On the other hand, the starting salary for those on a fixed contract was never raised or reviewed.
At the same time, the permanent clerks were offered 28 annual leave days while their colleagues got 24. They were also entitled to Sh10,500 annual leave allowance while contract clerks did not qualify for the allowance.
Housing allowances and medical insurance cover were also different for the two groups. On one hand, permanent clerks were entitled to Sh11, 700 as house allowance while contract clerks were denied.
Meanwhile, contract employees were entitled to Sh300,000 and Sh50,000 inpatient and outpatient insurance limits while their colleagues on permanent employment had Sh650,000 inpatient cover and Sh130,000 outpatient cover.
Justice Mbaru heard that between 2014 and 2016 KCB did not offer its contract staff a medical cover while it offered their colleagues on permanent terms the same.
The bank was also accused of offering pensions to its permanent clerks while denying those on contract. Some of the contract clerks, the court heard, have worked for the bank for over eight years.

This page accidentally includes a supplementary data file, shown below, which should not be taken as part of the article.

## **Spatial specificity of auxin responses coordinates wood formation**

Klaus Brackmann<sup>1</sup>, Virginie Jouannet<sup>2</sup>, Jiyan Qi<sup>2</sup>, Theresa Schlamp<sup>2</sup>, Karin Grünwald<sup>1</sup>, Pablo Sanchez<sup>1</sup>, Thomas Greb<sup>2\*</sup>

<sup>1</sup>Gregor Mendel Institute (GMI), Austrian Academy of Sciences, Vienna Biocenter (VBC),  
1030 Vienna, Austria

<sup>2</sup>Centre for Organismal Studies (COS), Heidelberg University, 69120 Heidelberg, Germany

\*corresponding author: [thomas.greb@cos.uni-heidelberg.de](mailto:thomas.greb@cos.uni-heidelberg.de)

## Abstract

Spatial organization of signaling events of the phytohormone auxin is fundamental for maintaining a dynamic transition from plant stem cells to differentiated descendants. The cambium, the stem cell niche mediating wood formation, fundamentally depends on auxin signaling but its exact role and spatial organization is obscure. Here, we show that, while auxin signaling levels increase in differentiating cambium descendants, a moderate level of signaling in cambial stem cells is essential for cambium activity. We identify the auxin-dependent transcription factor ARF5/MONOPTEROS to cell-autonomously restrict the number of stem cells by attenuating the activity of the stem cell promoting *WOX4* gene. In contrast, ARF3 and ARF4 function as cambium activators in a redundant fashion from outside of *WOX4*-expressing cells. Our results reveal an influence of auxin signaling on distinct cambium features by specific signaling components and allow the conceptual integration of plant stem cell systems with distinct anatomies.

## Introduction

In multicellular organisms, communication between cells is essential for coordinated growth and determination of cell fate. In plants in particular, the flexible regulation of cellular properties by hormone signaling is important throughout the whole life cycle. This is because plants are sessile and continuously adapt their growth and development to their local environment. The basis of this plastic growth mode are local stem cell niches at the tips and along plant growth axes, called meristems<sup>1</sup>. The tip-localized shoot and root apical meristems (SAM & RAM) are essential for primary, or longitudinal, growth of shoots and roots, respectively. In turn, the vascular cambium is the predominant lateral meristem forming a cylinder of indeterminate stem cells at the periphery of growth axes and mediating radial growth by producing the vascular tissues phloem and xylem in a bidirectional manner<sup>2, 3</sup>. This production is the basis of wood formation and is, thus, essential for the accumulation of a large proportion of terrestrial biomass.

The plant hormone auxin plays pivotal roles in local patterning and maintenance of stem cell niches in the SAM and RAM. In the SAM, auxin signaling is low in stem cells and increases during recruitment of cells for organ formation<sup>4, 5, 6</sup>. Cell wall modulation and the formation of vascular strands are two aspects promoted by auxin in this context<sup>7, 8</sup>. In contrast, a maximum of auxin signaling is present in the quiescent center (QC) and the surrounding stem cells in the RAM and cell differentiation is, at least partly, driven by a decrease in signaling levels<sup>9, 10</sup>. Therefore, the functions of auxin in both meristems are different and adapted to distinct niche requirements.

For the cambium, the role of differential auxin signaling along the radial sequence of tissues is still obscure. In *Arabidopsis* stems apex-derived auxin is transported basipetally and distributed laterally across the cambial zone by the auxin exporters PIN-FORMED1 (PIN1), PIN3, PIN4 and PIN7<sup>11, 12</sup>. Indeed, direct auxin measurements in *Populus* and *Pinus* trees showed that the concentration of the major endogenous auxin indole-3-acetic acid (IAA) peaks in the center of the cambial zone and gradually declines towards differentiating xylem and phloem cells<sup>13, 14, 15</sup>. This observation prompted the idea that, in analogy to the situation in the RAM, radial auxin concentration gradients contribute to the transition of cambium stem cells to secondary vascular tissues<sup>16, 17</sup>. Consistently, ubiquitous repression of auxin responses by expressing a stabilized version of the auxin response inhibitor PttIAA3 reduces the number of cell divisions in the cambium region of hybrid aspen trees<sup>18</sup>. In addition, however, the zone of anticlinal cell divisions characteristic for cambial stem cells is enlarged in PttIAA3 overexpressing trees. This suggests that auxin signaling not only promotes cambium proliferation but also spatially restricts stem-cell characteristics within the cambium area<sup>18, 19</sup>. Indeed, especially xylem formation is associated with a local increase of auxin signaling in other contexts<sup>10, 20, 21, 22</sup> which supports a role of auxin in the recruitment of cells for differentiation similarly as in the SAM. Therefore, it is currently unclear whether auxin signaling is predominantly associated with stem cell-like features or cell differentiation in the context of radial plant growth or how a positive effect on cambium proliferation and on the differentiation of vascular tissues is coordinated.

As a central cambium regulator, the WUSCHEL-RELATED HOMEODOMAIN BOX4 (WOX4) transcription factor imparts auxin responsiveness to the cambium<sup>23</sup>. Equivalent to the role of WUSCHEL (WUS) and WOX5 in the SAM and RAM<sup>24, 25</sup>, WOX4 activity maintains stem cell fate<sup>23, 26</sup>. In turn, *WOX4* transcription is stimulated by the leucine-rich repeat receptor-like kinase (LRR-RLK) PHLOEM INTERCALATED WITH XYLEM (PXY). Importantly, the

KCB opposed the case.
It argued that contract clerks were employed based on their distinct job application process which has different terms and conditions.
According to the lender, those on contract mutually agreed to sign the contracts and were bound to the benefits that they accepted during negotiations. It asserted that those who join employment on a fixed contract basis do so willfully.
The bank also denied that it has discriminated against its employees on contract adding that there was no evidence to support the same.
After hearing the arguments, justice Mbaru found that fixed-term contracts are legal.
The judge ordered KCB to pay Sh58 million for discrimination, Sh1.2 million for underpayment, Sh30,995, for pending leave days.
It will also pay each employee Sh31,500 for leave allowance, Sh424,800 as house allowance, Sh241, 657 and Sh7,200 meals allowance.